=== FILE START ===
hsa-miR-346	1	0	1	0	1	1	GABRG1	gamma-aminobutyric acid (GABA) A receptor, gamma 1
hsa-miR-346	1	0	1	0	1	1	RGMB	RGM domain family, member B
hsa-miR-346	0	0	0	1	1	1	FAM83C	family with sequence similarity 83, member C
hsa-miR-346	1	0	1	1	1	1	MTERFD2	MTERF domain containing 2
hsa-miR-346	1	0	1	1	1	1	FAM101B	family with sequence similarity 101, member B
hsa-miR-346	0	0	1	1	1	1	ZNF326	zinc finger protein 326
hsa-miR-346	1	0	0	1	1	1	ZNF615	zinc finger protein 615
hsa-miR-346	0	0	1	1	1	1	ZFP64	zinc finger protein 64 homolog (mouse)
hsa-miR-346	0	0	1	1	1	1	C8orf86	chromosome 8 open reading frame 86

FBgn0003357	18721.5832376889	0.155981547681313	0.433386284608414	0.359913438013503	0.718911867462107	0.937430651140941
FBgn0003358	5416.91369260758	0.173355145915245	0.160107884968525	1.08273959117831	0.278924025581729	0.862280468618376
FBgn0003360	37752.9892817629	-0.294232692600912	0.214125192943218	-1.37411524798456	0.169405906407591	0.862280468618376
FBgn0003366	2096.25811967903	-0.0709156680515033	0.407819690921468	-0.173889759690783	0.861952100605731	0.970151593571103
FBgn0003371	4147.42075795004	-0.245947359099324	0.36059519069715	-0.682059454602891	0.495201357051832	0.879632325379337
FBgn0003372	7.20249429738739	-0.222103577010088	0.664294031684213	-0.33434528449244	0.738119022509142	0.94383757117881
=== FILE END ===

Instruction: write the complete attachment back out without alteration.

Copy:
hsa-miR-346	1	0	1	0	1	1	GABRG1	gamma-aminobutyric acid (GABA) A receptor, gamma 1
hsa-miR-346	1	0	1	0	1	1	RGMB	RGM domain family, member B
hsa-miR-346	0	0	0	1	1	1	FAM83C	family with sequence similarity 83, member C
hsa-miR-346	1	0	1	1	1	1	MTERFD2	MTERF domain containing 2
hsa-miR-346	1	0	1	1	1	1	FAM101B	family with sequence similarity 101, member B
hsa-miR-346	0	0	1	1	1	1	ZNF326	zinc finger protein 326
hsa-miR-346	1	0	0	1	1	1	ZNF615	zinc finger protein 615
hsa-miR-346	0	0	1	1	1	1	ZFP64	zinc finger protein 64 homolog (mouse)
hsa-miR-346	0	0	1	1	1	1	C8orf86	chromosome 8 open reading frame 86

FBgn0003357	18721.5832376889	0.155981547681313	0.433386284608414	0.359913438013503	0.718911867462107	0.937430651140941
FBgn0003358	5416.91369260758	0.173355145915245	0.160107884968525	1.08273959117831	0.278924025581729	0.862280468618376
FBgn0003360	37752.9892817629	-0.294232692600912	0.214125192943218	-1.37411524798456	0.169405906407591	0.862280468618376
FBgn0003366	2096.25811967903	-0.0709156680515033	0.407819690921468	-0.173889759690783	0.861952100605731	0.970151593571103
FBgn0003371	4147.42075795004	-0.245947359099324	0.36059519069715	-0.682059454602891	0.495201357051832	0.879632325379337
FBgn0003372	7.20249429738739	-0.222103577010088	0.664294031684213	-0.33434528449244	0.738119022509142	0.94383757117881